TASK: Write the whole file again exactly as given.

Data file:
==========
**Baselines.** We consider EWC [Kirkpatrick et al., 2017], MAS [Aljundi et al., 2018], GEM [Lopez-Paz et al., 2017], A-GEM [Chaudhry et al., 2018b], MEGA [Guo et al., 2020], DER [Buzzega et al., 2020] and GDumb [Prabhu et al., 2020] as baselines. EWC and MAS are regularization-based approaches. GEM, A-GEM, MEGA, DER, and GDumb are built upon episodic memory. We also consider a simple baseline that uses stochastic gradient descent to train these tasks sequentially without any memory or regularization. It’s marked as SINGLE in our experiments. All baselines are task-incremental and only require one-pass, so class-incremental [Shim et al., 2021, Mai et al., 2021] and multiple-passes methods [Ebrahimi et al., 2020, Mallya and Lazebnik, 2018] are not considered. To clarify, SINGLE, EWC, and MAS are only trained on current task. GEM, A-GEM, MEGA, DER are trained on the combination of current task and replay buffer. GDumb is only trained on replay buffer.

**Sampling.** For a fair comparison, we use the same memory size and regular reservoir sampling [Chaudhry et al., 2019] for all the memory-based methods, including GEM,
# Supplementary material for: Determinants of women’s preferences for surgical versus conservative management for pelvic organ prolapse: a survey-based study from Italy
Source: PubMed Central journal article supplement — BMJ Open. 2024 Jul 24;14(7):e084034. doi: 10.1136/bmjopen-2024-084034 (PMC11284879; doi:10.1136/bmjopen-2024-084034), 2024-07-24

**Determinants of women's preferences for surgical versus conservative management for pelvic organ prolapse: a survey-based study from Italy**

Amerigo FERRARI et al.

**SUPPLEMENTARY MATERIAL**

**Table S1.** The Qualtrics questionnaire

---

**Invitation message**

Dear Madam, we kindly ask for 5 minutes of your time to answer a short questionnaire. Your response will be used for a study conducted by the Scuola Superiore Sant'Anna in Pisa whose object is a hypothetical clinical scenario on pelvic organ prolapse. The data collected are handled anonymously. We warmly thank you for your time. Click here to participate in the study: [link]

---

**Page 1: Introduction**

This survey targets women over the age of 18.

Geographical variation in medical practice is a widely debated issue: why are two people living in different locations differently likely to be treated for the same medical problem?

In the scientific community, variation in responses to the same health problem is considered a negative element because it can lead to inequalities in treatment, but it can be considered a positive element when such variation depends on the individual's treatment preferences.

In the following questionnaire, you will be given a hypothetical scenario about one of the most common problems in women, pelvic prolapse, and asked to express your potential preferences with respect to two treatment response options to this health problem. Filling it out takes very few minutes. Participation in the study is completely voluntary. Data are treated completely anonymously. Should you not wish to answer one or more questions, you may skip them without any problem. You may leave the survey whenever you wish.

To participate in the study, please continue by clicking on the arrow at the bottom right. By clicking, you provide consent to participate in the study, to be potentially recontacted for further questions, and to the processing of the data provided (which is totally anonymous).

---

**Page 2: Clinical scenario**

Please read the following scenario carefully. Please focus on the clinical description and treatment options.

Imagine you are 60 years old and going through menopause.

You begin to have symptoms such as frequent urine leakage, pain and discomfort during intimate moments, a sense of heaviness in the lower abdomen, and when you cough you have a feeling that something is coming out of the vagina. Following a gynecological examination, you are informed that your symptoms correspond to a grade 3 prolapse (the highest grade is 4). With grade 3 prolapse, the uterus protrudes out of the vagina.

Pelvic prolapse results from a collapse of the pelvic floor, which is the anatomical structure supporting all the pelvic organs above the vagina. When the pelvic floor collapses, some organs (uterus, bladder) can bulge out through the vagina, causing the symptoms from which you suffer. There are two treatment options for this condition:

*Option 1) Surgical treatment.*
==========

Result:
**Baselines.** We consider EWC [Kirkpatrick et al., 2017], MAS [Aljundi et al., 2018], GEM [Lopez-Paz et al., 2017], A-GEM [Chaudhry et al., 2018b], MEGA [Guo et al., 2020], DER [Buzzega et al., 2020] and GDumb [Prabhu et al., 2020] as baselines. EWC and MAS are regularization-based approaches. GEM, A-GEM, MEGA, DER, and GDumb are built upon episodic memory. We also consider a simple baseline that uses stochastic gradient descent to train these tasks sequentially without any memory or regularization. It’s marked as SINGLE in our experiments. All baselines are task-incremental and only require one-pass, so class-incremental [Shim et al., 2021, Mai et al., 2021] and multiple-passes methods [Ebrahimi et al., 2020, Mallya and Lazebnik, 2018] are not considered. To clarify, SINGLE, EWC, and MAS are only trained on current task. GEM, A-GEM, MEGA, DER are trained on the combination of current task and replay buffer. GDumb is only trained on replay buffer.

**Sampling.** For a fair comparison, we use the same memory size and regular reservoir sampling [Chaudhry et al., 2019] for all the memory-based methods, including GEM,
# Supplementary material for: Determinants of women’s preferences for surgical versus conservative management for pelvic organ prolapse: a survey-based study from Italy
Source: PubMed Central journal article supplement — BMJ Open. 2024 Jul 24;14(7):e084034. doi: 10.1136/bmjopen-2024-084034 (PMC11284879; doi:10.1136/bmjopen-2024-084034), 2024-07-24

**Determinants of women's preferences for surgical versus conservative management for pelvic organ prolapse: a survey-based study from Italy**

Amerigo FERRARI et al.

**SUPPLEMENTARY MATERIAL**

**Table S1.** The Qualtrics questionnaire

---

**Invitation message**

Dear Madam, we kindly ask for 5 minutes of your time to answer a short questionnaire. Your response will be used for a study conducted by the Scuola Superiore Sant'Anna in Pisa whose object is a hypothetical clinical scenario on pelvic organ prolapse. The data collected are handled anonymously. We warmly thank you for your time. Click here to participate in the study: [link]

---

**Page 1: Introduction**

This survey targets women over the age of 18.

Geographical variation in medical practice is a widely debated issue: why are two people living in different locations differently likely to be treated for the same medical problem?

In the scientific community, variation in responses to the same health problem is considered a negative element because it can lead to inequalities in treatment, but it can be considered a positive element when such variation depends on the individual's treatment preferences.

In the following questionnaire, you will be given a hypothetical scenario about one of the most common problems in women, pelvic prolapse, and asked to express your potential preferences with respect to two treatment response options to this health problem. Filling it out takes very few minutes. Participation in the study is completely voluntary. Data are treated completely anonymously. Should you not wish to answer one or more questions, you may skip them without any problem. You may leave the survey whenever you wish.

To participate in the study, please continue by clicking on the arrow at the bottom right. By clicking, you provide consent to participate in the study, to be potentially recontacted for further questions, and to the processing of the data provided (which is totally anonymous).

---

**Page 2: Clinical scenario**

Please read the following scenario carefully. Please focus on the clinical description and treatment options.

Imagine you are 60 years old and going through menopause.

You begin to have symptoms such as frequent urine leakage, pain and discomfort during intimate moments, a sense of heaviness in the lower abdomen, and when you cough you have a feeling that something is coming out of the vagina. Following a gynecological examination, you are informed that your symptoms correspond to a grade 3 prolapse (the highest grade is 4). With grade 3 prolapse, the uterus protrudes out of the vagina.

Pelvic prolapse results from a collapse of the pelvic floor, which is the anatomical structure supporting all the pelvic organs above the vagina. When the pelvic floor collapses, some organs (uterus, bladder) can bulge out through the vagina, causing the symptoms from which you suffer. There are two treatment options for this condition:

*Option 1) Surgical treatment.*